3. That same day, PWGSC informed MNBS that Francis was the successful bidder and that its bid was not compliant with the RFP. Immediately after receiving this news, a representative of MNO contacted PWGSC to protest the result of the solicitation and to state that MNBS did indeed meet the requirements of the RFP.
  4. PWGSC proceeded to re-evaluate the bid from MNBS against these claims by requesting Canadian Industrial Security Directorate (CISD) to re-visit the issue of security clearance; PWGSC was informed by the CISD that MNBS did indeed have the required clearance.
  5. On April 11, 2016, PWGSC informed Francis that it had been awarded the contract in error and that its bid was not the lowest responsive bid, but rather the second lowest responsive bid. PWGSC requested that Francis’s contract be terminated by mutual consent. Francis did not consent. PWGSC proceeded to cancel the contract at 11:59 p.m. that same day. PWGSC’s letter of cancellation included a request for Francis to submit a claim for costs reasonably incurred as a result of the termination.[6]
  6. On April 13, 2016, PWGSC concluded its re-evaluation of MNBS’s bid and awarded the contract to MNBS on the basis of that re-evaluation.
  7. On April 25, 2016, Francis filed its complaint with the Tribunal. On April 27, 2016, the Tribunal informed the parties that the complaint had been accepted for inquiry.
  8. On May 20, 2016, MNO requested intervener status; the request was granted by the Tribunal on May 25, 2016.
  9. PWGSC submitted the GIR on May 24, 2016. MNO made its submissions on May 31, 2016. Francis replied to the GIR on June 13, 2016.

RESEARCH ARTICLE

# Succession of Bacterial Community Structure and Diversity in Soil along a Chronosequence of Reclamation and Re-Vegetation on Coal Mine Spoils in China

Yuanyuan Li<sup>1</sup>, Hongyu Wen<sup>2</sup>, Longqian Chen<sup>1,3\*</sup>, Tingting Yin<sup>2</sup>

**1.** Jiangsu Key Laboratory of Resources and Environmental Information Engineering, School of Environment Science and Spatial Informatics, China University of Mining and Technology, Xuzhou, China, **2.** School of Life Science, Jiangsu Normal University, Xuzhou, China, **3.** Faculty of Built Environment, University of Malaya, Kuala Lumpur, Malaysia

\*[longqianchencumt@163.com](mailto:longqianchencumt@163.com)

10. On June 15, 2016, the Tribunal requested an additional round of submissions from MNO and PWGSC regarding issues raised by Francis in its response to the GIR.[7] These were filed on July 7 and 11, 2016, respectively.
  11. On July 22, 2016, Francis submitted additional comments on PWGSC’s GIR and MNO’s submissions.
  12. Given that there was sufficient information on the record to determine the validity of the complaint, the Tribunal decided that an oral hearing was not required and disposed of the complaint on the basis of the written information on the record.

RELEVANT PROVISIONS OF THE RFP

  1. The complaint centers on the mandatory requirement that bidders had to hold a valid facility security clearance of “secret” at the time of bid closing. As such, the relevant provisions of the RFP are sections 6.1 and 7.3, which provide as follows:

6.1 Security Requirement

1. At the date of bid closing the following conditions must be met:

(a) the Bidder must hold a valid organization security clearance as indicated in Part 7 - Resulting Contract Clauses;

(b) the Bidder’s proposed individuals requiring access to classified or protected information, assets or sensitive work site(s) must meet the security requirement as indicated in part 7 - Resulting Contract Clauses;

(c) the Bidder must provide the name of all individuals who will require access to classified or protected information, assets or sensitive work sites;

. . . 

7.3 Security Requirement

7.3.1 The following security requirement (SRCL and related clauses) applies and [forms] part of the Contract.

1. The Contractor/Offeror must, at all times during the performance of the Contract/Standing Offer, hold a valid Facility Security Clearance at the level of SECRET, issued by the Canadian Industrial Security Directorate (CISD), Public Works and Government Services Canada (PWGSC).

2. The Contractor/Offeror personnel requiring access to sensitive work site(s) must EACH hold a valid personnel security screening at the level of SECRET, granted or approved by CISD/PWGSC.

3. Subcontracts which contain security requirements are NOT to be awarded without the prior written permission of CISD/PWGSC.

4. The Contractor/Offeror must comply with the provisions of the:

(a) Security Requirements Check List and security guide (if applicable), attached at Annex B

(b) lndustrial Security Manual (Latest Edition).

[Bold and italics in original]

ANALYSIS